Inaccurate labels stigmatize city kids

LETTERS TO THE EDITOR

July 25, 2008

I was deeply disturbed by the tone of The Sun's article "Police hunt for 'baddest' kids" (July 10), which seems to support an obnoxious initiative to "get the baddest of the bad" city youths off our streets.

The constant labeling of our youths as criminal or dangerous should be taken as offensive not only by the youths themselves but also by all Baltimore residents.

By describing these young people as the "most dangerous kids in the city," the article may lead readers to believe that it is talking about murderers and rapists of some sort when, in fact, the group of young people being targeted in this "warrant initiative" includes many status offenders with technical violations, minor offenses and failures to appear for court.

I think people should be more interested in learning why and how these children are being lost in a system, or rather a department, whose sole responsibility is to provide services to these youths.

Indeed, I find it almost comical that The Sun printed a quote from state Juvenile Services Secretary Donald W. DeVore saying, "A lot of kids were surprised to see us knock on that door ... asking them to be accountable for their conduct."

Mr. DeVore was absolutely correct to describe many of the youths and families as "surprised" by the knock on their door, as it is apparent that no other DJS personnel, case managers or service providers had attempted to reach the youths they were supposed to be working with.

Clearly the children are not hiding if the Police Department merely had to knock on their front door to find them.

Let's also educate readers about the fact that there are huge racial disparities involved in the youths who are being arrested and detained in this city.

African-Americans make up about 75 percent of the city's youths, but they represent a staggering 99 percent to 100 percent of those detained in the city's juvenile facilities.

The Sun's article notes that the Baltimore City Juvenile Justice Center "is routinely at or near its capacity of 144 boys."

While the facility does often house such numbers, it has never been staffed to serve 144 youths. It has the staff to serve approximately half that number at any given time.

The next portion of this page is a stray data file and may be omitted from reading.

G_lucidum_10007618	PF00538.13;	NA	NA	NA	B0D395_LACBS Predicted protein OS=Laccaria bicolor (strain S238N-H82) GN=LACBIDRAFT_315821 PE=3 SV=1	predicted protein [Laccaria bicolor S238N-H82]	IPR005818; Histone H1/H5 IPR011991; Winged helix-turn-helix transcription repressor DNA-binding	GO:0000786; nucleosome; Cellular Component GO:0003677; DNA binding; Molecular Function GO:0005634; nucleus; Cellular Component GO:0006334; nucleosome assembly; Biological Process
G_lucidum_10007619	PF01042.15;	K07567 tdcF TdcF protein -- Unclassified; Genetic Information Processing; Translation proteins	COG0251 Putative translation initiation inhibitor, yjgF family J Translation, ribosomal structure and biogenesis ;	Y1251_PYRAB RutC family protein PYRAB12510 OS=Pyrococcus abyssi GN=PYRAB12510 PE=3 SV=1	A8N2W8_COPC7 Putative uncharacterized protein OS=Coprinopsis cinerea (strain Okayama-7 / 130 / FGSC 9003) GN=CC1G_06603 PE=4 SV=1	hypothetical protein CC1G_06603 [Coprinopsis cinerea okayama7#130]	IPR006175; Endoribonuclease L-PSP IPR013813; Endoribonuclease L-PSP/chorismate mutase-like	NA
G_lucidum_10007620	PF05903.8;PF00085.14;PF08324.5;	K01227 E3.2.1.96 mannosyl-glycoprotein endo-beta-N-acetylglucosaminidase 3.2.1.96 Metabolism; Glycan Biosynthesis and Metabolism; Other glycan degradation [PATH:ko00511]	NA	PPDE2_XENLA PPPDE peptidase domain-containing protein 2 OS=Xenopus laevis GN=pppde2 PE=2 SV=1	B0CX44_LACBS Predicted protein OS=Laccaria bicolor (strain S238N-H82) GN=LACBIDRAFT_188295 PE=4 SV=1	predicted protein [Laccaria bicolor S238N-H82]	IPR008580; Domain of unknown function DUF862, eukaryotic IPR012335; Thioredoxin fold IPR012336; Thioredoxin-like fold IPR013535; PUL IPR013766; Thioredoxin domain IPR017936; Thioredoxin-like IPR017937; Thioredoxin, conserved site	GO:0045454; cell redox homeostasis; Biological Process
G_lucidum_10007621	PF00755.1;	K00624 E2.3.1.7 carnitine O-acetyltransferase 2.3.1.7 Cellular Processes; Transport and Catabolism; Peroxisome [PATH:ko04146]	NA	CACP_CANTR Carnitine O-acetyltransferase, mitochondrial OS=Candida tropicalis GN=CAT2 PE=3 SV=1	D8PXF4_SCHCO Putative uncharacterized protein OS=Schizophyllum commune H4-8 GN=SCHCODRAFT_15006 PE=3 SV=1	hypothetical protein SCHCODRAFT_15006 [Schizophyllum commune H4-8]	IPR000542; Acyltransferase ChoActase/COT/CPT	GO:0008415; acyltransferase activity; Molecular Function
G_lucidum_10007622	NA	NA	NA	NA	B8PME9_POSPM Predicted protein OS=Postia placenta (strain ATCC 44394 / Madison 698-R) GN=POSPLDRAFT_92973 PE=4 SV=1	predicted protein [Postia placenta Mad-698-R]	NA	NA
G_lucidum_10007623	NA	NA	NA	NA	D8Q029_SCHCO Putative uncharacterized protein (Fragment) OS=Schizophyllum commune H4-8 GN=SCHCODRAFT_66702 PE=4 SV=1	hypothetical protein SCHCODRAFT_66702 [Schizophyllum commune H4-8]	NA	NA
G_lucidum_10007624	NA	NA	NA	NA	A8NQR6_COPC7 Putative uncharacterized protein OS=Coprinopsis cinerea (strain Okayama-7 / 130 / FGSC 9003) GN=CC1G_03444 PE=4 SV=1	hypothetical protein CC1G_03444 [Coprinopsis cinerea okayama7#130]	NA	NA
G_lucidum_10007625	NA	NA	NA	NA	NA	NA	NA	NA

It is then fair to raise this question: If we were overcrowding a facility operating under such poor conditions with anyone other than young black males, would we then see the child in danger rather than the dangerous child?

Samantha K. Mellerson, Baltimore

The writer is the juvenile justice coordinator for the Family League of Baltimore City Inc.

Let market drive energy innovation

The Sun's editorial "Thinking green" (July 21) directed much praise toward Al Gore and T. Boone Pickens.

The editorial states that Mr. Gore's plan "offers the best chance to give the United States a brighter energy future and a cleaner environment."

While a bright energy future and a cleaner environment would be great, the "high standard" set by Mr. Gore's plan would require our free-market economy to reconstruct its industrial energy foundations in an extremely short time.

What The Sun calls Mr. Gore's "ambitious proposal" shows a disturbing lack of concern for the effects that the government regulation required to make such a proposal work would have on an already fragile economy.

Similarly, Mr. Pickens' wind energy plan is supported by many flawed arguments. If implemented, it would also position him to receive generous government subsidies and pad his wallet with taxpayer money.

Like any other entrepreneur, Mr. Pickens should be forced to take the same market risks as other individuals investing in a product with a similarly uncertain future. By aiding Mr. Pickens with federal subsidies, the government in effect puts that risk on the taxpayers.

Once the research and development of wind energy and other sustainable energies make them economically viable and efficient, the private sector will allow a gradual transformation of the energy market.

Justin Levitas, Baltimore

We can't forswear use of fossil fuels

I think Mike Tidwell, the writer of the column "Let's make history again" (Commentary, July 23), is in dire need of a new prescription to cure his energy myopia.

While it is surely a good idea to take as much advantage of offshore wind energy as possible, that does not give us the luxury of ignoring other, less environmentally friendly energy sources.

We remain a mobile society in a vast land, and we are irrevocably tied to our planes, trains and automobiles.

Until we can harness wind or solar power to turn the wheels of our vehicles, we will have to use oil - unless, of course, someone devises a Back to the Future mechanism to convert trash to energy or a way to harness the hot air expended in Congress.

W. C. Harsanyi, Pasadena

More clubs, bars won't revive city

I agree completely with the letter that criticized the shortsighted proposal to make it easier for bars and clubs to have live entertainment in residential city neighborhoods ("Night life already disrupts the city," July 21)

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